A new study has found that repeated episodes of hunger may increase the risk of poor health for children and youngsters.

“Hunger is a serious risk factor for long-term poor health among children and youth, pointing to the relevance of severe food insecurity as an identifiable marker of vulnerability,” researchers said in the study published in the August issue of the American journal Archives of Pediatrics & Adolescent Medicine.

The conclusion was based on an analysis of data from a Canadian survey of 5,809 children aged 10 to 15 years and 3,333 youth aged 16 to 21 years, which was conducted from 1994 to 2004-2005.

During that time, 3.3 per cent of children and 3.9 per cent of youth experienced hunger at some point and 1.1 per cent of children and 1.4 per cent of youth went hungry on two or more occasions.

In the final round of the survey, 13.5 per cent of children and 28.6 per cent of youth reported poor health. Rates of poor health among those who’d experienced hunger at some point were higher than among those who had never gone hungry (32.9 per cent of children and 47.3 per cent of youth who had gone hungry were in poor health, compared with 12.8 per cent of children and 27.9 per cent of youth who had not).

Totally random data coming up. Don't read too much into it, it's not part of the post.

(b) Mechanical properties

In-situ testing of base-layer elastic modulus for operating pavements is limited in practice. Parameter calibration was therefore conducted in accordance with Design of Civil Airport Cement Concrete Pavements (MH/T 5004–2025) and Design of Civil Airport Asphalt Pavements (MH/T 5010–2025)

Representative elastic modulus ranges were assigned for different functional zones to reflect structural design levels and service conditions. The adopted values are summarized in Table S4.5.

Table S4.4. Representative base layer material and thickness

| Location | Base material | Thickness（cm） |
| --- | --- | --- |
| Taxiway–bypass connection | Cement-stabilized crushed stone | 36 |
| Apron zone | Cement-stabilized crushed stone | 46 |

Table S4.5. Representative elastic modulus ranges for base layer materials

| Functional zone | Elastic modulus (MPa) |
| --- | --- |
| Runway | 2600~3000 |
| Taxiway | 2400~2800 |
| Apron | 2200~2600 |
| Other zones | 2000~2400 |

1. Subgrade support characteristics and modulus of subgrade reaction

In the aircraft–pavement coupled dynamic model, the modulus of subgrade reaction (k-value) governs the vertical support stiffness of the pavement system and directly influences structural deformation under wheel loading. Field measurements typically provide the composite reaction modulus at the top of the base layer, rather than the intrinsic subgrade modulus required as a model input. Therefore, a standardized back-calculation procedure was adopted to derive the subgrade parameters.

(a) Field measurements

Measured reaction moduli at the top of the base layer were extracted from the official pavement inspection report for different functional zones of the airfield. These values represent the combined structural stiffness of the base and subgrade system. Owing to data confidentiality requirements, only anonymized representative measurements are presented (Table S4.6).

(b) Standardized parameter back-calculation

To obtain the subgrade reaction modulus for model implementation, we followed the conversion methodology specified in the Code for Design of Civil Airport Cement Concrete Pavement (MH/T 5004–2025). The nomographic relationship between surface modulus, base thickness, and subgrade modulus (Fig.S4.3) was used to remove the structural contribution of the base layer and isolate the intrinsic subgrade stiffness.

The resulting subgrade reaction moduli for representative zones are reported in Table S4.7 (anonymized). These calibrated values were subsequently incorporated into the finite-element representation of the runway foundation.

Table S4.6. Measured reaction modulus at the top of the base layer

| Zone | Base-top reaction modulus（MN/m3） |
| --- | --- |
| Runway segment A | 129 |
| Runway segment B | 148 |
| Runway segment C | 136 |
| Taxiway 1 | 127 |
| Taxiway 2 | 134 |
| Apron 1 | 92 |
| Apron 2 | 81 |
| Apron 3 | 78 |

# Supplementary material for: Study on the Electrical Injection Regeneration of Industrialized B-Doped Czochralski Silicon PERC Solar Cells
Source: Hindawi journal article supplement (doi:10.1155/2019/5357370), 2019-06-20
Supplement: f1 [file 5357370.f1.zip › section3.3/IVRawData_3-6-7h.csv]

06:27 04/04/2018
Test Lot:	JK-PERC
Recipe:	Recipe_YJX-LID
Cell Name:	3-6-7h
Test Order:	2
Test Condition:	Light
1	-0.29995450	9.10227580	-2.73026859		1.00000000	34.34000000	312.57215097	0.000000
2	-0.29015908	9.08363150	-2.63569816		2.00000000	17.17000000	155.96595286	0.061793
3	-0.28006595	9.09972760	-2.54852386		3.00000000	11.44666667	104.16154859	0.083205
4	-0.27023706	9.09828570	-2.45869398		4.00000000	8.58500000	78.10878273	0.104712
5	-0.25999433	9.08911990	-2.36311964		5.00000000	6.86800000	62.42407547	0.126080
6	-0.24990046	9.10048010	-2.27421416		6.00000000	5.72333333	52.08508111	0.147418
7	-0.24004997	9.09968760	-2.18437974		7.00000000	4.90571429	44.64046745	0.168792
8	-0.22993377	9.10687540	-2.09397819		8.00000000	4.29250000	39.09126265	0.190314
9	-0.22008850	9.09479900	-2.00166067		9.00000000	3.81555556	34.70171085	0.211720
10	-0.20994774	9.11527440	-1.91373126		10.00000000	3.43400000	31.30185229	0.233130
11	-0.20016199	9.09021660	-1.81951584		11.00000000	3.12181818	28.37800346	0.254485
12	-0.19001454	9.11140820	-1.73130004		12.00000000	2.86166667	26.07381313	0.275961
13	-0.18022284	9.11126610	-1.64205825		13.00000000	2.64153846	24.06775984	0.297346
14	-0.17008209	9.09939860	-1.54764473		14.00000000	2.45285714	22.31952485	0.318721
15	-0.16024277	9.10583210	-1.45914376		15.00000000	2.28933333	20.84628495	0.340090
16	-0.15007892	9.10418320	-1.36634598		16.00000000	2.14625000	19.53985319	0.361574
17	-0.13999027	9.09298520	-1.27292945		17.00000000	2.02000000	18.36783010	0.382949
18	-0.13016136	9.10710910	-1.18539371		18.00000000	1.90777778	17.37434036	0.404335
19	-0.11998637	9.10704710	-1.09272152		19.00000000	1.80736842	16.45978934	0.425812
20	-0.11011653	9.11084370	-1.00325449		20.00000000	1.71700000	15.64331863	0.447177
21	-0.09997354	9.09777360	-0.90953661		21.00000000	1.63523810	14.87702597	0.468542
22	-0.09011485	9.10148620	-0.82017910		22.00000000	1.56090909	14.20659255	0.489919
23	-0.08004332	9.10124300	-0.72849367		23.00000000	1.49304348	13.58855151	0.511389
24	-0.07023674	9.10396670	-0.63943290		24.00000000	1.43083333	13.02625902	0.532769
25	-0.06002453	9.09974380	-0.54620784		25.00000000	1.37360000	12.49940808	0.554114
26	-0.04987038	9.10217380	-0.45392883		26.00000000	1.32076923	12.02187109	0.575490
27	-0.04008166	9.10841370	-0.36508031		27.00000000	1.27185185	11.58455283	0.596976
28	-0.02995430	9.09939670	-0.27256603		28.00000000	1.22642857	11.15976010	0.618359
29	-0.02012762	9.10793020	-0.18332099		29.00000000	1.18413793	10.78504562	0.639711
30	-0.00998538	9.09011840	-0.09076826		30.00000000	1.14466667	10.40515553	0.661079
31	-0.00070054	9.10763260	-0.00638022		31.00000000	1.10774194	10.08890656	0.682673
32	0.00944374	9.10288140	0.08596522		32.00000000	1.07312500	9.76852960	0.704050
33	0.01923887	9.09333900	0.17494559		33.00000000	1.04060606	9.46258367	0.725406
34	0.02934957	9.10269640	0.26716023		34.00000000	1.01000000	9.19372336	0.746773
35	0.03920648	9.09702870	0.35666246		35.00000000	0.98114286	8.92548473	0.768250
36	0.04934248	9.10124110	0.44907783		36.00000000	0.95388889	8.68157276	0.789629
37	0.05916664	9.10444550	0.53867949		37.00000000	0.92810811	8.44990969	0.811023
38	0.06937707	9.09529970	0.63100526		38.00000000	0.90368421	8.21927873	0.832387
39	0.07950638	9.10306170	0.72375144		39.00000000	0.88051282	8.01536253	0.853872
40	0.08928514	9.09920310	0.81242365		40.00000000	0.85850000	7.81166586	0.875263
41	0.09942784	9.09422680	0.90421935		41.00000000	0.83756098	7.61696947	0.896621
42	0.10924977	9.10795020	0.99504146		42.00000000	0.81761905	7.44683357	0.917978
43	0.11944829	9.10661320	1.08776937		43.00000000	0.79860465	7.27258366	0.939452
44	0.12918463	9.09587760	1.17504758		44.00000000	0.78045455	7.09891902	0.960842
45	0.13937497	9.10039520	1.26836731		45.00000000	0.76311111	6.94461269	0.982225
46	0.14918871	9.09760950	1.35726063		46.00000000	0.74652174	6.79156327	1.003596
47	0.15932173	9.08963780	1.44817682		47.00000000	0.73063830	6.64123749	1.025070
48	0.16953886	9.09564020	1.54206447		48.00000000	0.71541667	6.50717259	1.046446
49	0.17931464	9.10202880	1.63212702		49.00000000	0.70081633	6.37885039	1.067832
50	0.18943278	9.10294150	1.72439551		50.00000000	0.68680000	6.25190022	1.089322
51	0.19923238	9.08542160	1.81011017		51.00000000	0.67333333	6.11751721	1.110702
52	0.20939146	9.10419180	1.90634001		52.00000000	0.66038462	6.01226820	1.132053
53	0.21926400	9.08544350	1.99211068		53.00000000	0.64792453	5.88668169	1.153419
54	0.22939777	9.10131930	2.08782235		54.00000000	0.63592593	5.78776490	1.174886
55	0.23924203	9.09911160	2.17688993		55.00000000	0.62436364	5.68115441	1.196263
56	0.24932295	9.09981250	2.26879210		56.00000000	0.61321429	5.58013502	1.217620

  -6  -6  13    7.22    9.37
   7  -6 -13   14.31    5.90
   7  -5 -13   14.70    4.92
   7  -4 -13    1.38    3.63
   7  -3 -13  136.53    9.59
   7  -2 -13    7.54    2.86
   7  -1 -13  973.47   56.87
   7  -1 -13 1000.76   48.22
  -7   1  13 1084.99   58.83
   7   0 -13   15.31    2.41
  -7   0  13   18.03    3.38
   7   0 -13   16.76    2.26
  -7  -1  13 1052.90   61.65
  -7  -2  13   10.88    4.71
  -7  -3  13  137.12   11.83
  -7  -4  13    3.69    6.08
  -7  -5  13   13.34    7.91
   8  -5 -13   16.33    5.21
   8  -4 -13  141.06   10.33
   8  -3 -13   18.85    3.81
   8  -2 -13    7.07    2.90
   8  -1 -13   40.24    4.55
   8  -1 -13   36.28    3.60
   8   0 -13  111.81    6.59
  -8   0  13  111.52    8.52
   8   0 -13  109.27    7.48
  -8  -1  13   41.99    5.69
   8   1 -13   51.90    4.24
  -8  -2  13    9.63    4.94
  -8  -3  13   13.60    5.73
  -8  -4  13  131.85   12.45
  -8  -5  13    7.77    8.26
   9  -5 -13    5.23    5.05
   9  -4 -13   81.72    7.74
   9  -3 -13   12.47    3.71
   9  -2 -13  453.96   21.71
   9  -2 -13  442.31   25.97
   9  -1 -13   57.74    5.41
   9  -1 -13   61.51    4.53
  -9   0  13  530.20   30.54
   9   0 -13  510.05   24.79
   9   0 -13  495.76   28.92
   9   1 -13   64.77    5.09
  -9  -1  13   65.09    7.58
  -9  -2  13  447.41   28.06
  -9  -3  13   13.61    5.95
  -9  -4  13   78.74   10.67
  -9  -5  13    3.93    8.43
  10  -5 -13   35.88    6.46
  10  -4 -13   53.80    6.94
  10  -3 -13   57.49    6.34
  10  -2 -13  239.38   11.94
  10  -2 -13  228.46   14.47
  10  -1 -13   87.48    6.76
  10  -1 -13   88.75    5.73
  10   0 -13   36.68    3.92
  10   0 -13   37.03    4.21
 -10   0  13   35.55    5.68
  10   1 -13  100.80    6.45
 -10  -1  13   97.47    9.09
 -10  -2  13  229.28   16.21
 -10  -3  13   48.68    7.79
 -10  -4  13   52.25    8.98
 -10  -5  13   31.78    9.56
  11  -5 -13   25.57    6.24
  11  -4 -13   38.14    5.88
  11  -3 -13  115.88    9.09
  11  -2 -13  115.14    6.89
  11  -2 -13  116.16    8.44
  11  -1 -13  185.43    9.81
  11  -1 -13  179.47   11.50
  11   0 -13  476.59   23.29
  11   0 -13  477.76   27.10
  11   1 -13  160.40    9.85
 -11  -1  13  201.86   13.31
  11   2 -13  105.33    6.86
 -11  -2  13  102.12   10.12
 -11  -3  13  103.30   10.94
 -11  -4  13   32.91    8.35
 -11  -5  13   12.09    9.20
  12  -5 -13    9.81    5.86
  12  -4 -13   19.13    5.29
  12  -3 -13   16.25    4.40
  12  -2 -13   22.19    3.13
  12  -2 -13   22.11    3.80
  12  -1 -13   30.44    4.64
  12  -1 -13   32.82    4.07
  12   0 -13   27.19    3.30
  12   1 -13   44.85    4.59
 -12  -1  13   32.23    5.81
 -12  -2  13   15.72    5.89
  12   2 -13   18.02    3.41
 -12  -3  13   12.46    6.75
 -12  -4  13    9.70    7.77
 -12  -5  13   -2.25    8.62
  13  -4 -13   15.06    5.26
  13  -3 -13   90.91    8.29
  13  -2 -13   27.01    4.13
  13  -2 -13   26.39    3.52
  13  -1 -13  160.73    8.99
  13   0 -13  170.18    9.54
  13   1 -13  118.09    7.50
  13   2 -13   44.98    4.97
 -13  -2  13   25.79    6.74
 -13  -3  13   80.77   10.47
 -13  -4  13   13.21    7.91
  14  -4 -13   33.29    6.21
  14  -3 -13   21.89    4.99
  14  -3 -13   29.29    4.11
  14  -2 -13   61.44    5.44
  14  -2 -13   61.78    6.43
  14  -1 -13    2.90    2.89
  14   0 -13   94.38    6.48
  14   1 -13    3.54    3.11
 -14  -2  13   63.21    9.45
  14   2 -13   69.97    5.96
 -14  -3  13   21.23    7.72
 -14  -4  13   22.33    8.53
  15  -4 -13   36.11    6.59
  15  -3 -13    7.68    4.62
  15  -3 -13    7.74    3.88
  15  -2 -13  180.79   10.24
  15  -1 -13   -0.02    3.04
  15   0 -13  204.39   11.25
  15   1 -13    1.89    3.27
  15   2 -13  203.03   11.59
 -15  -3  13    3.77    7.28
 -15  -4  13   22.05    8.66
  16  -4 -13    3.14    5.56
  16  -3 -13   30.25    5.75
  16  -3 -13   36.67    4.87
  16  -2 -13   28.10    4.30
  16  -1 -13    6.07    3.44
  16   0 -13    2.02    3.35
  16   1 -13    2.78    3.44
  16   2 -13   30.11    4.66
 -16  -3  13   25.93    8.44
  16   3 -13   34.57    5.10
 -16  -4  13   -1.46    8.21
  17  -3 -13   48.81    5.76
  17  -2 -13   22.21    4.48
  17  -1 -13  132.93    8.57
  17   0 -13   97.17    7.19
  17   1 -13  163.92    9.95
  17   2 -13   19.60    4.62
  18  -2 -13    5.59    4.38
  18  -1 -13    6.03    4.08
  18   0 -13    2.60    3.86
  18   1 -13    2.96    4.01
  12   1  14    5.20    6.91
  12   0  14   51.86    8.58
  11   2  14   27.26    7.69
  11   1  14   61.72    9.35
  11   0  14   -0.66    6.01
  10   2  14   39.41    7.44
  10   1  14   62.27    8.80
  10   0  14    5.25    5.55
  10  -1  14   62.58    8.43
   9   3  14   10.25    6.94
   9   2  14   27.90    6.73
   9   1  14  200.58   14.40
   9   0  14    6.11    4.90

The researchers also found that youth who went hungry more than once during the survey were at increased risk for asthma and other chronic illnesses.

“The mechanism by which childhood hunger negatively affects health is not well understood,” the researchers wrote. “Food insecurity has been associated with emotional and psychological stress among children, which could exert a negative effect on general health and contribute to heightened risk of chronic diseases.” In 2008, about 15 per cent of American households were affected by food insecurity, defined by the researchers as running out of food or lacking the money to buy food. That was an increase from 11 per cent in 2007 and the highest rate since monitoring began in 1995, according to background information in the study.

The research was led by Sharon Kirkpatrick, of the University of Calgary in Alberta, Canada, at the time of the study and now at the U.S. National Cancer Institute in Bethesda, Maryland.